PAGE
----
It is estimated that the typical poacher, who may risk death for his crime, receives 5-10% of the retail value of the end product [7].

In addition to criminal syndicates mentioned in the introduction, others involved in the lucrative wildlife trade include rebel militias who trade ivory for guns or use monetary proceeds to fund their terrorist organizations [8].

Many commercial poachers who sell bush meat and fish to restaurants and grocers are in the business as well [9]

Rampant illegal fishing of the oceans and seas for commerce is a big problem and threatens the sustainability of all marine life [10].

It was estimated that one-third of seafood entering the United States was from illegal fishing, resulting in the US passing a rule in December 2016 requiring strict record keeping of where fish are caught [11].

A recent study of the Mediterranean Sea showed that 93% of studied species were over exploited, many on the verge of extinction [12].

And of course, corrupt government and military officials responsible for stewardship at animal reserves and for letting the illegal goods pass through border checkpoints are in it for the money and glory of power.
 

Where is poaching happening?

Poaching happens everywhere. 

Rifle shots rang out yesterday in the surrounding woods in Virginia, though hunting season formally begins today. Poaching land animals for the black market however occurs primarily in Asian and African countries where the range of wild animals is broad and catching poachers is difficult. 

A rhino resting in his natural habitat

A rhino resting in his natural habitat

Hiring a killer is easy in undeveloped countries where the poor and hungry are desperate to do any bidding for even the small portion of the profits they receive, risking the increasingly harsh consequences of getting caught. It is believed that half of the world’s poaching is in Africa and of that, most in Zimbabwe, followed by Kenya [26]

This past May, the Kenyan Minister of Tourism and Wildlife announced that Kenya will fast-track a law to institute the death penalty for poaching [27].

Consumers are all across the world.  Much focus has been on the Asian market for traditional Chinese medicine cures, but traditional Chinese medicine is popular throughout the world and endangered exotic animals are even sold as pets in the United States and Europe [28]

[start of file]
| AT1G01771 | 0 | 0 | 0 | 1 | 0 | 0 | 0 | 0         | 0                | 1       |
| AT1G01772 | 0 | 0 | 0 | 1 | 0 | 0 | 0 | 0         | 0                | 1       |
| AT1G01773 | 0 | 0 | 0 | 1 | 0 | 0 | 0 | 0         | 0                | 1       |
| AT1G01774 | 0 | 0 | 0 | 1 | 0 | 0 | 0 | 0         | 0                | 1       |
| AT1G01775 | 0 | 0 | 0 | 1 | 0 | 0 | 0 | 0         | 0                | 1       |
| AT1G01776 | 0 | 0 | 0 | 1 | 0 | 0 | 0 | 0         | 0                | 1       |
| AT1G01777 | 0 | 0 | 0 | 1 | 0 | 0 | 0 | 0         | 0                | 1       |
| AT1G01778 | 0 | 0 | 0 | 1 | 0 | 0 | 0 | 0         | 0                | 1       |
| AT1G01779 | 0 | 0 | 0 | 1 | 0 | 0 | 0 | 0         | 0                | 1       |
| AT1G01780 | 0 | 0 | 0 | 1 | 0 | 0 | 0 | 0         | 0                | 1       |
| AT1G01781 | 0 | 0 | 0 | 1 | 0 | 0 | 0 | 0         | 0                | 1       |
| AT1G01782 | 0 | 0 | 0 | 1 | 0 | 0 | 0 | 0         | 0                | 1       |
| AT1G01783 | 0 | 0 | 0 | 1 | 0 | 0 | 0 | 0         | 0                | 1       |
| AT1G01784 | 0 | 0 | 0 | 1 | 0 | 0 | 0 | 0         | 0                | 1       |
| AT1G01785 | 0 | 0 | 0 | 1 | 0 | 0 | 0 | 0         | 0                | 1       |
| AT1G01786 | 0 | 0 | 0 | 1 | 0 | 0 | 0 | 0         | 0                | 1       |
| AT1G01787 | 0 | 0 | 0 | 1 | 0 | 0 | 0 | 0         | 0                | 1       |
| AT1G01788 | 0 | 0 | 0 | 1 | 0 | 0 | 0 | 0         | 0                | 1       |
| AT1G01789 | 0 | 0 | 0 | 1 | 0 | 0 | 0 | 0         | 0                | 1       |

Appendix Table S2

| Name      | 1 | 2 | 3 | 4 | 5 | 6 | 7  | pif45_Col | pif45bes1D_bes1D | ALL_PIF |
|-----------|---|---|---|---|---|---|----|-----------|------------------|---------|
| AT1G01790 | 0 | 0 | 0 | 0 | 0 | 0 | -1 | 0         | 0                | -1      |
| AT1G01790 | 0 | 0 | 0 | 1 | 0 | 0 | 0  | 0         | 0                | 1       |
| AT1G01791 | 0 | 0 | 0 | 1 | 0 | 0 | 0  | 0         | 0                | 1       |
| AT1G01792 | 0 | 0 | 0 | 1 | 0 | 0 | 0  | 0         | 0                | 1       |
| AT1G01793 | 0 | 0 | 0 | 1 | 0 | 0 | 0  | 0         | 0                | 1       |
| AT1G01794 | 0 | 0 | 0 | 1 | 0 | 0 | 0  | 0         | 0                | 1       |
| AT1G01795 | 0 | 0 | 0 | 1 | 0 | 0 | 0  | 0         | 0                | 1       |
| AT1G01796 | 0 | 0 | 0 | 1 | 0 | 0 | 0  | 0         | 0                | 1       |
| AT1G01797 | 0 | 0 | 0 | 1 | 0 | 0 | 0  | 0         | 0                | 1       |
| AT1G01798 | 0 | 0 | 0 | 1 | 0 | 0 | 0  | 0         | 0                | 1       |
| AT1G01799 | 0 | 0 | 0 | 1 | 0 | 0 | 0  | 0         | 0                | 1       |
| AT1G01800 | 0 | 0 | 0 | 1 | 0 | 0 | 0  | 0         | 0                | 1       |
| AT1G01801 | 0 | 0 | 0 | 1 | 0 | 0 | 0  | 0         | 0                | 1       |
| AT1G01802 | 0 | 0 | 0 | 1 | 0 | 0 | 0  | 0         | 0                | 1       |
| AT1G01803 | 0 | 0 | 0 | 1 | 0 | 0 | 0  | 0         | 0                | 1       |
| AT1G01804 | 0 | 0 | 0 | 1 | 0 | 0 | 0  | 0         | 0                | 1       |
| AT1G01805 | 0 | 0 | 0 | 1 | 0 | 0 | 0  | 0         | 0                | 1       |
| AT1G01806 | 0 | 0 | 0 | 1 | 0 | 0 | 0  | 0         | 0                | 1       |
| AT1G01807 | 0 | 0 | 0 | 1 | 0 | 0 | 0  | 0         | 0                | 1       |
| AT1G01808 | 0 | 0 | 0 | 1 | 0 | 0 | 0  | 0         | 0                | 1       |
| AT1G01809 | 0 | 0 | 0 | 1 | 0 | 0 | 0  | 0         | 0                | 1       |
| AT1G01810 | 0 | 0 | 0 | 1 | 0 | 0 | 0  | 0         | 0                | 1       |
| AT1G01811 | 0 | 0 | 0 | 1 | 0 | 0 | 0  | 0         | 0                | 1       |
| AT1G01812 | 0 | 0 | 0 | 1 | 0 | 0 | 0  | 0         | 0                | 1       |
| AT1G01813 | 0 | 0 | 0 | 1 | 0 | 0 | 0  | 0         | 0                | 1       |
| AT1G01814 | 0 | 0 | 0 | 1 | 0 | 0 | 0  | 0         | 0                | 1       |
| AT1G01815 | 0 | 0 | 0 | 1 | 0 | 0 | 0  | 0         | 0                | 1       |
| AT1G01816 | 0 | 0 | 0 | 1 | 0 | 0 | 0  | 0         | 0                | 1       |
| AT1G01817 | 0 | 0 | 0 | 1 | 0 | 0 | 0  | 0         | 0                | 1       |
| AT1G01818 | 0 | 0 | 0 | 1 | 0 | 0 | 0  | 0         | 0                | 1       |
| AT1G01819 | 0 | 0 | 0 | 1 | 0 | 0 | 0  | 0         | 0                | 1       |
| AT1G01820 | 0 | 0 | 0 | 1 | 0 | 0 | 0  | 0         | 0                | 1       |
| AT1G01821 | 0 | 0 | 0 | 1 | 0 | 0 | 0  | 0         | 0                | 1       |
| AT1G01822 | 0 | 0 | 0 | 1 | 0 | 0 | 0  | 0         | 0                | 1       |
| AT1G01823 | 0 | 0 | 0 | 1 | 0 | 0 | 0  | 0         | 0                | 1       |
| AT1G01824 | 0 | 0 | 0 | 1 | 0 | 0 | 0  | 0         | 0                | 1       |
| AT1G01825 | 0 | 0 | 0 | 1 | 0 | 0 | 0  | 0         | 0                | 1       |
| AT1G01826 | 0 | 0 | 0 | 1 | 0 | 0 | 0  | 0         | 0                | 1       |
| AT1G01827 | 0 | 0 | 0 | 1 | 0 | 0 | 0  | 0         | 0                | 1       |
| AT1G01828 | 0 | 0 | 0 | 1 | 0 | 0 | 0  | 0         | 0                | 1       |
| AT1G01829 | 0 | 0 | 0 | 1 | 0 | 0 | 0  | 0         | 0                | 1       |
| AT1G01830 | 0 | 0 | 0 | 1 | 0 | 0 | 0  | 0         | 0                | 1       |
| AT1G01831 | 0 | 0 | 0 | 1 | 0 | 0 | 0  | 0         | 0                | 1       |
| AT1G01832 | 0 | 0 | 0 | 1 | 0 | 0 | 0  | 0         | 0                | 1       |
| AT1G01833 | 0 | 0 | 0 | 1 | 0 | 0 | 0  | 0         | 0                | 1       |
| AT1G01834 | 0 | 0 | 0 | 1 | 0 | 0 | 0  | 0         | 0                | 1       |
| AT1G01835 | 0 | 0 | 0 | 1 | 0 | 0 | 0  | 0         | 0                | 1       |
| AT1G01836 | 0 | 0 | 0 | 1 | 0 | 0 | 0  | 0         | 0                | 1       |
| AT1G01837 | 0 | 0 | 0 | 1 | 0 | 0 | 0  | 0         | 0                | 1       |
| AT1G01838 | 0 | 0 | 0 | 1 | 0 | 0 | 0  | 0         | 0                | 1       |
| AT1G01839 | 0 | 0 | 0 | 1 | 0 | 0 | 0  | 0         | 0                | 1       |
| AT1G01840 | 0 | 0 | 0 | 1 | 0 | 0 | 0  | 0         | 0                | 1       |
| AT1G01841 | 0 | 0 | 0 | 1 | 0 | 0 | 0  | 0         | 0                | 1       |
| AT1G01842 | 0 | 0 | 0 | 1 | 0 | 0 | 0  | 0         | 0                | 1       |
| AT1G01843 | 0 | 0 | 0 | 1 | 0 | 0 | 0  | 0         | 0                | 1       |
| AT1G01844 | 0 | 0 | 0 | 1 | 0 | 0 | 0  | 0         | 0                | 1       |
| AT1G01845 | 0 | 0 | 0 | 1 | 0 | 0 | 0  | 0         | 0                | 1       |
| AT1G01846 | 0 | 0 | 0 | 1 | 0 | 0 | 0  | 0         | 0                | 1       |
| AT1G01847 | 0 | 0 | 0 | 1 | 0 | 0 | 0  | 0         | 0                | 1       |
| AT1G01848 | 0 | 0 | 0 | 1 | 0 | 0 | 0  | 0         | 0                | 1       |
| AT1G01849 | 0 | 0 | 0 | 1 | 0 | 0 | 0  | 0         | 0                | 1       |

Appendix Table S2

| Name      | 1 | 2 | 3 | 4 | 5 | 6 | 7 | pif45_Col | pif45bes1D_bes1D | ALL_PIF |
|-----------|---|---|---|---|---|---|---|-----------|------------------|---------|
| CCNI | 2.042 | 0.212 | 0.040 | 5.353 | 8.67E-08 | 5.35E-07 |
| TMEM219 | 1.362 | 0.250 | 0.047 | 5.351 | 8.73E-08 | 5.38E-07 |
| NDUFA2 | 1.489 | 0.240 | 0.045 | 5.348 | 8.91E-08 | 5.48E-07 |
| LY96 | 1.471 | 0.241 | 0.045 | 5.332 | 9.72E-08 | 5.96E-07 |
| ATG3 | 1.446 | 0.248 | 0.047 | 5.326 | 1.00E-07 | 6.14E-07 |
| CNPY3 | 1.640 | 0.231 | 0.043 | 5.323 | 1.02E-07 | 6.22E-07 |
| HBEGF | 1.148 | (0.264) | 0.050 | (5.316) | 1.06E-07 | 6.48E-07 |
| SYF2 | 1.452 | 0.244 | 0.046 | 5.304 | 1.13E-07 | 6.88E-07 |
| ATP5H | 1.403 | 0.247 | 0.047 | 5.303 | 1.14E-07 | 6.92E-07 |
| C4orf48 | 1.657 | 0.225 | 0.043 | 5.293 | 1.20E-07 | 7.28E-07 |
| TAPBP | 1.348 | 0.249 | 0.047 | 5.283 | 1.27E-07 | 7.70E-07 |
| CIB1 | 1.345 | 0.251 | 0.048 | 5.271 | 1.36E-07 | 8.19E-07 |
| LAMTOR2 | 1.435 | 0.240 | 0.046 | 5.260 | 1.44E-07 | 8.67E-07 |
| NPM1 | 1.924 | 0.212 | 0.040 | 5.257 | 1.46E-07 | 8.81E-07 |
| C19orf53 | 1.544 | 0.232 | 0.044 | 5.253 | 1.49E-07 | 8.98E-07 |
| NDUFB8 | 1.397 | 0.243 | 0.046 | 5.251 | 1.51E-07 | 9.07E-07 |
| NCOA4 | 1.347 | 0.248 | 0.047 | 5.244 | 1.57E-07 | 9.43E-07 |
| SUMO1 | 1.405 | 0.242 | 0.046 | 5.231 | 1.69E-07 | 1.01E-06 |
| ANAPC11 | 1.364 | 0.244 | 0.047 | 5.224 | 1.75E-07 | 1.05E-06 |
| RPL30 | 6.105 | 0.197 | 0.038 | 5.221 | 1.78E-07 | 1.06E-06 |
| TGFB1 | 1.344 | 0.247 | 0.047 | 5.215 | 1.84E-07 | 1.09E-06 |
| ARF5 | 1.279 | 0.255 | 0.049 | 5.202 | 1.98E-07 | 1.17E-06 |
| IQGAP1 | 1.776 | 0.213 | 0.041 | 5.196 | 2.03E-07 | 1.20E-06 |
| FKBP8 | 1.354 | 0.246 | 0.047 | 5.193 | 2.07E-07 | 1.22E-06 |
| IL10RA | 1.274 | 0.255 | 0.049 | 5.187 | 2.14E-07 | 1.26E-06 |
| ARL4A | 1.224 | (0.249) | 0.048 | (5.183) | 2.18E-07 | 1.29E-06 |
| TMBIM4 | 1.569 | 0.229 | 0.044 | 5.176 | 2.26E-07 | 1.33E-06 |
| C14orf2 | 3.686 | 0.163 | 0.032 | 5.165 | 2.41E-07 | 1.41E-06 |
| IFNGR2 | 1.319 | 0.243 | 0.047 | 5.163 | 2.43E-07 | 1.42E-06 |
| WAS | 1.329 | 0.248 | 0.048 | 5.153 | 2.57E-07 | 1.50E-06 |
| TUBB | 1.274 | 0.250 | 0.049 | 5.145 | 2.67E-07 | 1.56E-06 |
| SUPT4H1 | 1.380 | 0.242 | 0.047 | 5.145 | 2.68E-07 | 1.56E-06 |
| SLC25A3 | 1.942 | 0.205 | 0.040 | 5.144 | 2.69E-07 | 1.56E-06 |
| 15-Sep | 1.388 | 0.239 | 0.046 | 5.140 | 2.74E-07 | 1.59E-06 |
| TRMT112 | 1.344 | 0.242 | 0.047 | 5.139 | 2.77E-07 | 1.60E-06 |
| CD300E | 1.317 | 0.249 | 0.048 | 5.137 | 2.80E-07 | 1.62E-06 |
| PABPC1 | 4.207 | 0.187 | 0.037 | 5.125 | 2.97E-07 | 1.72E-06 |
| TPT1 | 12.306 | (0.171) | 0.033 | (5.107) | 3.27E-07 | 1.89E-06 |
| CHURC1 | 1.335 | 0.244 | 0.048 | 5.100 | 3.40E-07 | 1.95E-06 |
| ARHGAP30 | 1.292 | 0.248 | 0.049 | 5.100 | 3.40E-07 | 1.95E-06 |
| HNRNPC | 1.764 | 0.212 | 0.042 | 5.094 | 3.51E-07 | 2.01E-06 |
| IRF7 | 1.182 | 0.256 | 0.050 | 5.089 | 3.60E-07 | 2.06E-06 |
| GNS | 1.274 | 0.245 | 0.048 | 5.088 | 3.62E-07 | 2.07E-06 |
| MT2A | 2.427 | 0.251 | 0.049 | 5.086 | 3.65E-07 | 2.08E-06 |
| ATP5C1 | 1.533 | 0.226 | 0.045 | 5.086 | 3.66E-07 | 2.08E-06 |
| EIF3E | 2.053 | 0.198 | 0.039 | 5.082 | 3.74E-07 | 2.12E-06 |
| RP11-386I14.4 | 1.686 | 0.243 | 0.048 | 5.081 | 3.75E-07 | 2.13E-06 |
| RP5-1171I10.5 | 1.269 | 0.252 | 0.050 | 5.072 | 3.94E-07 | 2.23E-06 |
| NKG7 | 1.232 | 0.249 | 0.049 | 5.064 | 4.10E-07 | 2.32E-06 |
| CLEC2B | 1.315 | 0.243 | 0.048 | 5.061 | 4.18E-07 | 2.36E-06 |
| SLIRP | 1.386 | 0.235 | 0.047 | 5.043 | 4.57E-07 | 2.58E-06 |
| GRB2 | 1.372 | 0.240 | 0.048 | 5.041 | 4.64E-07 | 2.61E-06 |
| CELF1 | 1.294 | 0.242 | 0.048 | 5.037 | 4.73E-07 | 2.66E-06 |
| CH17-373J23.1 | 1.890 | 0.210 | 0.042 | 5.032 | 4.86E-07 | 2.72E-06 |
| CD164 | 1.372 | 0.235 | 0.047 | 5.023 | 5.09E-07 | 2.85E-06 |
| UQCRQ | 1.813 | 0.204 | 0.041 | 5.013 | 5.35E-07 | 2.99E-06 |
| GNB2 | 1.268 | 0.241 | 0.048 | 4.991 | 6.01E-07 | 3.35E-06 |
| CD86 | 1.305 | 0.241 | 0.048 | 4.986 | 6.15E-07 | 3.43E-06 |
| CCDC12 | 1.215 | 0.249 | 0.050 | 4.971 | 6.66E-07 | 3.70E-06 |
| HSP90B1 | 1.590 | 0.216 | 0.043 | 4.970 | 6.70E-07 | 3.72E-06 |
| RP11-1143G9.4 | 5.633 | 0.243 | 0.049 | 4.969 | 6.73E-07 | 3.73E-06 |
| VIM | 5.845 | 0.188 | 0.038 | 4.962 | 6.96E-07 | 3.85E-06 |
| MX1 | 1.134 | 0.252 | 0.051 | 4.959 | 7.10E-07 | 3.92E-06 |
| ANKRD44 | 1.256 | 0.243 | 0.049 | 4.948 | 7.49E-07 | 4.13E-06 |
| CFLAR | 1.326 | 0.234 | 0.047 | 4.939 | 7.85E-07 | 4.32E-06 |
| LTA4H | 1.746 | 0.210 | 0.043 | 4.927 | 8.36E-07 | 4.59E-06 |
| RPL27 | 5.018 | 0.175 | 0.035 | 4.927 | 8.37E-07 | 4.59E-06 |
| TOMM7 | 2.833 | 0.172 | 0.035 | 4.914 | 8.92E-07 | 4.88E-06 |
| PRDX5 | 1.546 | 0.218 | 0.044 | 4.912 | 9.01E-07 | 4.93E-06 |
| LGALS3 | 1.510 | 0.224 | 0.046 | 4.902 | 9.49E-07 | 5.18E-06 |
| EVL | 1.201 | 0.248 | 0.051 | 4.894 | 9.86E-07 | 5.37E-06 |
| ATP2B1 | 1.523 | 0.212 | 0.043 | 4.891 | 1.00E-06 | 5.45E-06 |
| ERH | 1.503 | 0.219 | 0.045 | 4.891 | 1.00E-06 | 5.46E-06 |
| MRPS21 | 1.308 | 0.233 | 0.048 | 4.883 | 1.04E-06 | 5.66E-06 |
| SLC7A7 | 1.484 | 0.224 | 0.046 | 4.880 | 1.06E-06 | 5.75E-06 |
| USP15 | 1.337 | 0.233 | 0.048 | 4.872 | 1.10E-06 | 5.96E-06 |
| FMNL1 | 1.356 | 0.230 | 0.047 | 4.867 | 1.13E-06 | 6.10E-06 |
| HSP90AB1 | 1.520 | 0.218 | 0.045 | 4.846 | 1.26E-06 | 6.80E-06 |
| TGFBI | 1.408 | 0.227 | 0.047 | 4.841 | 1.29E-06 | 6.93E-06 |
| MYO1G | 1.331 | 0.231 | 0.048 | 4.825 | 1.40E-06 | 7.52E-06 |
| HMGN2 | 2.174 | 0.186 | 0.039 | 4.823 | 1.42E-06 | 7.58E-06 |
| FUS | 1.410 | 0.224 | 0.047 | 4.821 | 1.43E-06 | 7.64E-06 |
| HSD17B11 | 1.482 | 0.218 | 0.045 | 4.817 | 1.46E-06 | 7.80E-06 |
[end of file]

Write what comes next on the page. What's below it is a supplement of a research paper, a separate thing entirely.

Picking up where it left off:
In preparation for a collaborative workshop with Interpol recently, the International Fund for Animal Welfare released a report showing that over only six weeks in 2017, researchers found nearly twelve thousand ads for live endangered animals and their parts for sale online in France, Germany, Russia and the United Kingdom [29].
 

Negative effects of poaching on local tourism

In economic terms, the extinction of a species can have a negative effect on local tourism. The area not only becomes less attractive to potential tourists, but it also means that there is an increased chance of “tourist boycott.” A boycott could have a detrimental effect on a local economy since restaurants, hotels, rentals, and other attractions would suffer great losses in revenue.

To illustrate the potential impact, it is worth noting that sub-Saharan Africa attracted 33.8 million visitors in 2012. If Africa was to lose its iconic species, this would in turn create a huge financial impact on the continent, most likely resulting in job losses particularly in the tourism industry which currently employs around 8 million people.

Beyond the environment and the economy, poaching can have severe consequences on communities. Not only does it threaten traditional ways of living but it also relies on profiting from state weaknesses and corruption.

This creates an inherent interest among poachers and criminals in actively undermining state economic development – a particular problem in a number of already vulnerable countries in the developing world.
 
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What animals get poached the most?

Pangolins, elephants, rhinos, tigers, gorillas and sea turtles top a long list .

Pangolins

Pangolins, small shy creatures native to Asia and sub-Saharan Africa who root in the sandy earth for termites, are the most heavily trafficked mammals in the world, at 100,000 poached annually for the past decade and now nearing extinction [16].

  • They are poached primarily for their scales, which are ground and used in “traditional” Chinese medicinal concoctions for kidney ailments. Pangolin scales sell for $3,000 a kilogram on the black market.
  • Pangolin meat is also now considered a delicacy among wealthy Vietnamese.

Elephants

Elephants are poached for ivory.

Elephant with big tusks

Elephant with big tusks

Despite public attention and widespread efforts to stop the slaughter, 100 elephants are illegally killed each day for their ivory tusks [17]. Hopefully, China’s recent trade ban on ivory products will result in a further decline of the numbers [18].

Rhinos

Rhinos are also poached for their horns [19].

Rhinoceros horn, also admired for its luster, has been used over the centuries as ornamentation: in ceremonial cups, belt buckles and more recently, until outlawed in 1982 it was inlaid in ceremonial daggers presented to young Yemeni men as a passage rite into manhood and to show their devoutness to the Muslim religion.

More pervasive though, is their procurement for use in traditional Chinese medicine. Ground rhino horn has been used over the centuries for:

  • fever
  • gout
  • rheumatism
  • snakebites
  • hallucinations
  • typhoid
  • headaches
  • carbuncles
  • vomiting
  • food poisoning
  • possession by the Devil himself [20]

 
While it is harder to imagine the origin of the folklore when presented under the rubric of “traditional Chinese medicine,” the marketing ploys generated by black market buccaneers of recent years are easier to picture.